"Where did you get your picture?"
"She's over there where you're goin', Mr. Claude. There she is, huntin' for somethin' to cook with; no stove nor no dishes nor nothin'--everything all broke up. I reckon she'll be mighty glad to see you comin'."
Heavy footsteps sounded on the stairs, and Mahailey whispered hastily, "Don't forgit about the coal-oil, and don't you be lousy if you can help it, honey." She considered lice in the same class with smutty jokes,--things to be whispered about.
After breakfast Mr. Wheeler took Claude out to the fields, where Ralph was directing the harvesters. They watched the binder for a while, then went over to look at the haystacks and alfalfa, and walked along the edge of the cornfield, where they examined the young ears. Mr. Wheeler explained and exhibited the farm to Claude as if he were a stranger; the boy had a curious feeling of being now formally introduced to these acres on which he had worked every summer since he was big enough to carry water to the harvesters. His father told him how much land they owned, and how much it was worth, and that it was unencumbered except for a trifling mortgage he had given on one quarter when he took over the Colorado ranch.
"When you come back," he said, "you and Ralph won't have to hunt around to get into business. You'll both be well fixed. Now you'd better go home by old man Dawson's and drop in to see Susie. Everybody about here was astonished when Leonard went." He walked with Claude to the corner where the Dawson land met his own. "By the way," he said as he turned back, "don't forget to go in to see the Yoeders sometime. Gus is pretty sore since they had him up in court. Ask for the old grandmother. You remember she never learned any English. And now they've told her it's dangerous to talk German, she don't talk at all and hides away from everybody. If I go by early in the morning, when she's out weeding the garden, she runs and squats down in the gooseberry bushes till I'm out of sight."
Claude decided he would go to the Yoeders' today, and to the Dawsons' tomorrow. He didn't like to think there might be hard feeling toward him in a house where he had had so many good times, and where he had often found a refuge when things were dull at home. The Yoeder boys had a music-box long before the days of Victrolas, and a magic lantern, and the old grandmother made wonderful shadow-pictures on a sheet, and told stories about them. She used to turn the map of Europe upside down on the kitchen table and showed the children how, in this position, it looked like a jungfrau; and recited a long German rhyme which told how Spain was the maiden's head, the Pyrenees her lace ruff, Germany her heart and bosom, England and Italy were two arms, and Russia, though it looked so big, was only a hoopskirt. This rhyme would probably be condemned as dangerous propaganda now!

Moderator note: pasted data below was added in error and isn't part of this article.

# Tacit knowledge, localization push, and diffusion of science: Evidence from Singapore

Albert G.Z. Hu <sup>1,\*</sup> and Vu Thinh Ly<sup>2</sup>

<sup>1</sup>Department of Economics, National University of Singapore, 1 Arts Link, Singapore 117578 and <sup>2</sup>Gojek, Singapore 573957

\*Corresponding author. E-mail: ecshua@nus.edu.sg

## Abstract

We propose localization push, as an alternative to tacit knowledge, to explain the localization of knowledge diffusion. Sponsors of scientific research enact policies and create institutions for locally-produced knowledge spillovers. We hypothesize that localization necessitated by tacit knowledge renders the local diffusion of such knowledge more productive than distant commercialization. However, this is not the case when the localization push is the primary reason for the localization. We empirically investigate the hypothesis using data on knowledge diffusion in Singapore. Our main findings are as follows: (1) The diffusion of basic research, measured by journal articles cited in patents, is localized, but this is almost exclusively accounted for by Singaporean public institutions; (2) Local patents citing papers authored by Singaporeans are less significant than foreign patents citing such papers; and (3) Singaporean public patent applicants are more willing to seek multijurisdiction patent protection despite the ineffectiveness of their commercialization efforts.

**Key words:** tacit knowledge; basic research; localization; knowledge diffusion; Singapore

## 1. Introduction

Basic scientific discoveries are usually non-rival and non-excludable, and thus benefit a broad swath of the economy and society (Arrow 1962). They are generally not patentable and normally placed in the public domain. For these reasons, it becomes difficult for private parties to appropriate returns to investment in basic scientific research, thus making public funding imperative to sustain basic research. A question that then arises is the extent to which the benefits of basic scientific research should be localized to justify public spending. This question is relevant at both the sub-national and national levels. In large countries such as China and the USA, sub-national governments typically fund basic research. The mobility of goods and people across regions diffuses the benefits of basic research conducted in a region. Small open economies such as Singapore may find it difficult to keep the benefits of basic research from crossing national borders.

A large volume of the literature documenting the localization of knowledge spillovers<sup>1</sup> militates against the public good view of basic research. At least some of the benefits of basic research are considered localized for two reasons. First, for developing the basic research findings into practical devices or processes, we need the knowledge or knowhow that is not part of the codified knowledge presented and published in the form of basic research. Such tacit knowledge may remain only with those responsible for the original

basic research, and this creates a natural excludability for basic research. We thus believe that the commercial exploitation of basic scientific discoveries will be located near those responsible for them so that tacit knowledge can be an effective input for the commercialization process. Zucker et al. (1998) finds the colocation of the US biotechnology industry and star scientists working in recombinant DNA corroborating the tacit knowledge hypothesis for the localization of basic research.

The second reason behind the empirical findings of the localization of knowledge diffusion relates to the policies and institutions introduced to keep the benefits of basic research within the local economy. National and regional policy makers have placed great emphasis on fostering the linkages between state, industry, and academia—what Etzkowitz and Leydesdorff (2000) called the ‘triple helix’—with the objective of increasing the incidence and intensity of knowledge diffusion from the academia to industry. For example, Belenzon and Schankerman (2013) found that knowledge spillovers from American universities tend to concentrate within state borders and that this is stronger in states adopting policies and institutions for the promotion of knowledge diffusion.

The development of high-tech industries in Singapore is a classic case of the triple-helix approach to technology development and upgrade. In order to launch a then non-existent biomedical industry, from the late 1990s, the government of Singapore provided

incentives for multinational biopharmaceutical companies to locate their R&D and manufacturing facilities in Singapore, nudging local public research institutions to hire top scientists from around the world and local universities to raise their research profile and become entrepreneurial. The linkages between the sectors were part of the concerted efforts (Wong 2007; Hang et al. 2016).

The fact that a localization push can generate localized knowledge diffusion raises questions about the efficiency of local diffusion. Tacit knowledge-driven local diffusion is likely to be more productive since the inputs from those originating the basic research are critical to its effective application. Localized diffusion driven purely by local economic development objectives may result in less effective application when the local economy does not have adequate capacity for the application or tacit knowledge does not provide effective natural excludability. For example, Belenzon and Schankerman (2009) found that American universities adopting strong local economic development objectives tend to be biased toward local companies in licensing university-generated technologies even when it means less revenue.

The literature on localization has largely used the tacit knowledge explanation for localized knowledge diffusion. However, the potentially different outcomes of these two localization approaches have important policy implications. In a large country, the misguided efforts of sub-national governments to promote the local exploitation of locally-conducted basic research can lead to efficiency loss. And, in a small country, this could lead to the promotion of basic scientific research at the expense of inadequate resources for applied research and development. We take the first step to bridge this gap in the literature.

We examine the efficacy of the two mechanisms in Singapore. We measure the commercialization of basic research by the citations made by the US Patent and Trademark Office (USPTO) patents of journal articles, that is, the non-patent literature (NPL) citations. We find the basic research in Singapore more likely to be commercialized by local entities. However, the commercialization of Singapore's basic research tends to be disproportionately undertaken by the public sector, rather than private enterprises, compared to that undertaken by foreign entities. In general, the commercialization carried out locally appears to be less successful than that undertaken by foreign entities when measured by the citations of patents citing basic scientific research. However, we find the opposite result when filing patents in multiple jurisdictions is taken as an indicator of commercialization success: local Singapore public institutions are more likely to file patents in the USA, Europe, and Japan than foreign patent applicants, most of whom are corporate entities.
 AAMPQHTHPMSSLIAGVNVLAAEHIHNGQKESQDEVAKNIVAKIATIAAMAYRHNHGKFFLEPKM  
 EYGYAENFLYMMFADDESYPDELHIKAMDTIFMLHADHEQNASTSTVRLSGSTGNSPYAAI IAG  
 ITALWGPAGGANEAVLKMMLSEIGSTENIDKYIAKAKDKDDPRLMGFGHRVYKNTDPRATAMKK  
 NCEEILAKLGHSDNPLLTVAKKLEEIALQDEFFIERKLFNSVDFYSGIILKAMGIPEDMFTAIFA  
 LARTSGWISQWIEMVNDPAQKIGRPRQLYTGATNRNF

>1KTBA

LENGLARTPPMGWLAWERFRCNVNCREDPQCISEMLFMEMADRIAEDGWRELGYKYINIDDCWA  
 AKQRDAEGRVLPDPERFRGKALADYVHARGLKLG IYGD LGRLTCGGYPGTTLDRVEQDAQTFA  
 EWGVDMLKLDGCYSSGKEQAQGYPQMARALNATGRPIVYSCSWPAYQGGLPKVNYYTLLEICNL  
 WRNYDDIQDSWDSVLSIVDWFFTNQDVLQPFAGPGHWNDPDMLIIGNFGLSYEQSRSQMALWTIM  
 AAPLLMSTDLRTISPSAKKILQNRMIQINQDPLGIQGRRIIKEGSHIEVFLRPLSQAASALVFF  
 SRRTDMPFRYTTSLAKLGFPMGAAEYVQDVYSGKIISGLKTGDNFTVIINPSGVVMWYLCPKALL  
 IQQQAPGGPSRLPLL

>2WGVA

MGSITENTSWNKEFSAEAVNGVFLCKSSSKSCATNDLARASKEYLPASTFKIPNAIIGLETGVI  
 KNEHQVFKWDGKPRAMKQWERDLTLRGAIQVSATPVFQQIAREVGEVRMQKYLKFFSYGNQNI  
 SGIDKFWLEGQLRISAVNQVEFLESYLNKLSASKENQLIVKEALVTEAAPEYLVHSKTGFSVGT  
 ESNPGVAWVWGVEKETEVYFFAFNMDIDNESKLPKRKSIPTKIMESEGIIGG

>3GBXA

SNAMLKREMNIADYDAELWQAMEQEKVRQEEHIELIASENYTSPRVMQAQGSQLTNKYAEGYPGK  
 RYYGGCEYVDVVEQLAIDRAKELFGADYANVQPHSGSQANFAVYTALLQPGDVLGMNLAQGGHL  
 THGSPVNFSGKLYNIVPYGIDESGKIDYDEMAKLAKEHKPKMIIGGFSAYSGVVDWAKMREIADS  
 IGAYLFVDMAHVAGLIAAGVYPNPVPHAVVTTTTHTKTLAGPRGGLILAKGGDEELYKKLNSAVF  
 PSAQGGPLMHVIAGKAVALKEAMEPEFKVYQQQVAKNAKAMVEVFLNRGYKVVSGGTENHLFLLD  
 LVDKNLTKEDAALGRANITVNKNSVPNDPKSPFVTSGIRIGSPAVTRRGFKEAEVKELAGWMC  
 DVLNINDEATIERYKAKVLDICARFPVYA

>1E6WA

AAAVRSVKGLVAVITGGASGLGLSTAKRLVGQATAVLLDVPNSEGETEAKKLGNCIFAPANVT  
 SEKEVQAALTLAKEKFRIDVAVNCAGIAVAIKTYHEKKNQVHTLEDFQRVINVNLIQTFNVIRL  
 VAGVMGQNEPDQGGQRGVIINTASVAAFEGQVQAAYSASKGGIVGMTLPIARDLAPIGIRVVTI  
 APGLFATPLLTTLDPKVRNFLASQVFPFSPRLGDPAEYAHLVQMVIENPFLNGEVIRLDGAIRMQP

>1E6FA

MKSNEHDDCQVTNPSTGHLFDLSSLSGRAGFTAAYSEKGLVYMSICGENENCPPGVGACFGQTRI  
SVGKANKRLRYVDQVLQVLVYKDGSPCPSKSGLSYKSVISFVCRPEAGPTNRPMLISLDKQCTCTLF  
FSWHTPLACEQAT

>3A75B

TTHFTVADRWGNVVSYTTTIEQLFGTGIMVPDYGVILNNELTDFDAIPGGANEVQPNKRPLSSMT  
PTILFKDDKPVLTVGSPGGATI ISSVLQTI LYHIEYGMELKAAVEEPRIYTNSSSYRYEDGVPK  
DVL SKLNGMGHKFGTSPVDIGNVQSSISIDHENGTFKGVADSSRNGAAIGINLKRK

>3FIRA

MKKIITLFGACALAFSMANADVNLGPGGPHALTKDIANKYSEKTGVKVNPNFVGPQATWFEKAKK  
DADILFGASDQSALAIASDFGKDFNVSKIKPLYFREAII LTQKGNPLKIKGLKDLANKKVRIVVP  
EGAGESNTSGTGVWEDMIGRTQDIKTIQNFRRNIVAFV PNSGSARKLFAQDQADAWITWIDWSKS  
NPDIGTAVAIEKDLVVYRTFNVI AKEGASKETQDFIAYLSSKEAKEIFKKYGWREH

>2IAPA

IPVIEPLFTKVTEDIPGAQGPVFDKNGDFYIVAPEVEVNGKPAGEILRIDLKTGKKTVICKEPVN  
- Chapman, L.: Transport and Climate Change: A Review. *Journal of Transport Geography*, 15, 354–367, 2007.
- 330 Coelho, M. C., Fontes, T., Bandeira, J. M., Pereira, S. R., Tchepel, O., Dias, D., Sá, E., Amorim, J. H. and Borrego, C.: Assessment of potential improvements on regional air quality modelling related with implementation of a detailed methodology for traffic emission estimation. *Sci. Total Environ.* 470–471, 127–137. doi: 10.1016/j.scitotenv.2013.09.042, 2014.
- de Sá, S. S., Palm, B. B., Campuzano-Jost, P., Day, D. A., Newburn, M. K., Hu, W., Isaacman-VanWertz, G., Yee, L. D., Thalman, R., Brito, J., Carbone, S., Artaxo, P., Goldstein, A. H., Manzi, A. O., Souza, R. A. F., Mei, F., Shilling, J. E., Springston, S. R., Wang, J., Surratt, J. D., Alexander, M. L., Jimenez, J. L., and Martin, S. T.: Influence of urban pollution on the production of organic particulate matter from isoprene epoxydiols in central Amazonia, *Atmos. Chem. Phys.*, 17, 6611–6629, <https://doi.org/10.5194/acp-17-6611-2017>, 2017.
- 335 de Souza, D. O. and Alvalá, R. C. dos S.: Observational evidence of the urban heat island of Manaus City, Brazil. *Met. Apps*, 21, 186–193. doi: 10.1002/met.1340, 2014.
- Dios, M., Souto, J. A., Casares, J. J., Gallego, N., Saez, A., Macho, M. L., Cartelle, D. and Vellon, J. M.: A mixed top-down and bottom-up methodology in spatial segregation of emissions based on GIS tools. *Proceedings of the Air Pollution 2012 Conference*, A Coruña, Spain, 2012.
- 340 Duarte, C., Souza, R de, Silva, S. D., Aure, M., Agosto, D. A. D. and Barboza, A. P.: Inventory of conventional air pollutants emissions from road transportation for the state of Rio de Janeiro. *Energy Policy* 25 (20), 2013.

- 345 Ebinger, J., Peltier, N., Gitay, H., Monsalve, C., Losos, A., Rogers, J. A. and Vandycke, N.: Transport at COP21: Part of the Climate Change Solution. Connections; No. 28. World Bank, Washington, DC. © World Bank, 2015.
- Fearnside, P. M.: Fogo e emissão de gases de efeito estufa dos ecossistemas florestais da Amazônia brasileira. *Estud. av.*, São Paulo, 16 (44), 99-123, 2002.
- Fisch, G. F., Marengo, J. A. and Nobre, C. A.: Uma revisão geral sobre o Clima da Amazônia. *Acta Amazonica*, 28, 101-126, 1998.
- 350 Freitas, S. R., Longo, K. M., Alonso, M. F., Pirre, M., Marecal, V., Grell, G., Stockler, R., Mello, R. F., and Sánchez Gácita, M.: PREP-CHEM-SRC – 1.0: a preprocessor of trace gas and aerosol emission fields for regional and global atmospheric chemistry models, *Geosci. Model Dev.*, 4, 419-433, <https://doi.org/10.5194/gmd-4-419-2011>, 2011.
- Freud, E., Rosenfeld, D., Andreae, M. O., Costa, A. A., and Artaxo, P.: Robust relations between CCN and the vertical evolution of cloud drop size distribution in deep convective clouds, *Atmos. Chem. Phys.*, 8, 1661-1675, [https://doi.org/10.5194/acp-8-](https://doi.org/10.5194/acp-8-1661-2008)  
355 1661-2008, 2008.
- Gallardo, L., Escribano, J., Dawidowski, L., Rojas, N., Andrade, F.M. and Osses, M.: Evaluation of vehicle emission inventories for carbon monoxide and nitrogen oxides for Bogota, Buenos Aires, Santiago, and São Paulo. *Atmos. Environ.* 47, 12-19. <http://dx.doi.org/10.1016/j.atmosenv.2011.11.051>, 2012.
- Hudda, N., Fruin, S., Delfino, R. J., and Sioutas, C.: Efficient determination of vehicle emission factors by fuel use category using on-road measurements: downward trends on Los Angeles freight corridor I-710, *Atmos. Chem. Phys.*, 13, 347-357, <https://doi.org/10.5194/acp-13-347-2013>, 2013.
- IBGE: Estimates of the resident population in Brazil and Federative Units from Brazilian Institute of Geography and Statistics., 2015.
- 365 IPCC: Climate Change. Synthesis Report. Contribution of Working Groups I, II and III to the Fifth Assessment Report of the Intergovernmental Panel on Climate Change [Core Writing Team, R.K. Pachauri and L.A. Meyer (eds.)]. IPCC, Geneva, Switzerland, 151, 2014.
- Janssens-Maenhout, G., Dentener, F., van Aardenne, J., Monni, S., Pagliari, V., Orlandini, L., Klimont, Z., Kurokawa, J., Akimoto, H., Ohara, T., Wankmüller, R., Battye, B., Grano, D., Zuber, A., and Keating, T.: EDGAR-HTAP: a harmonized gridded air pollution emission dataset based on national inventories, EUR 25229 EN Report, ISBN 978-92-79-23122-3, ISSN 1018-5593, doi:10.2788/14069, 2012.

As he walked on alone, Claude was thinking how this country that had once seemed little and dull to him, now seemed large and rich in variety. During the months in camp he had been wholly absorbed in new work and new friendships, and now his own neighbourhood came to him with the freshness of things that have been forgotten for a long while,--came together before his eyes as a harmonious whole. He was going away, and he would carry the whole countryside in his mind, meaning more to him than it ever had before. There was Lovely Creek, gurgling on down there, where he and Ernest used to sit and lament that the book of History was finished; that the world had come to avaricious old age and noble enterprise was dead for ever. But he was going away . . . .
That afternoon Claude spent with his mother. It was the first time she had had him to herself. Ralph wanted terribly to stay and hear his brother talk, but understanding how his mother felt, he went back to the wheat field. There was no detail of Claude's life in camp so trivial that Mrs. Wheeler did not want to hear about it. She asked about the mess, the cooks, the laundry, as well as about his own duties. She made him describe the bayonet drill and explain the operation of machine guns and automatic rifles.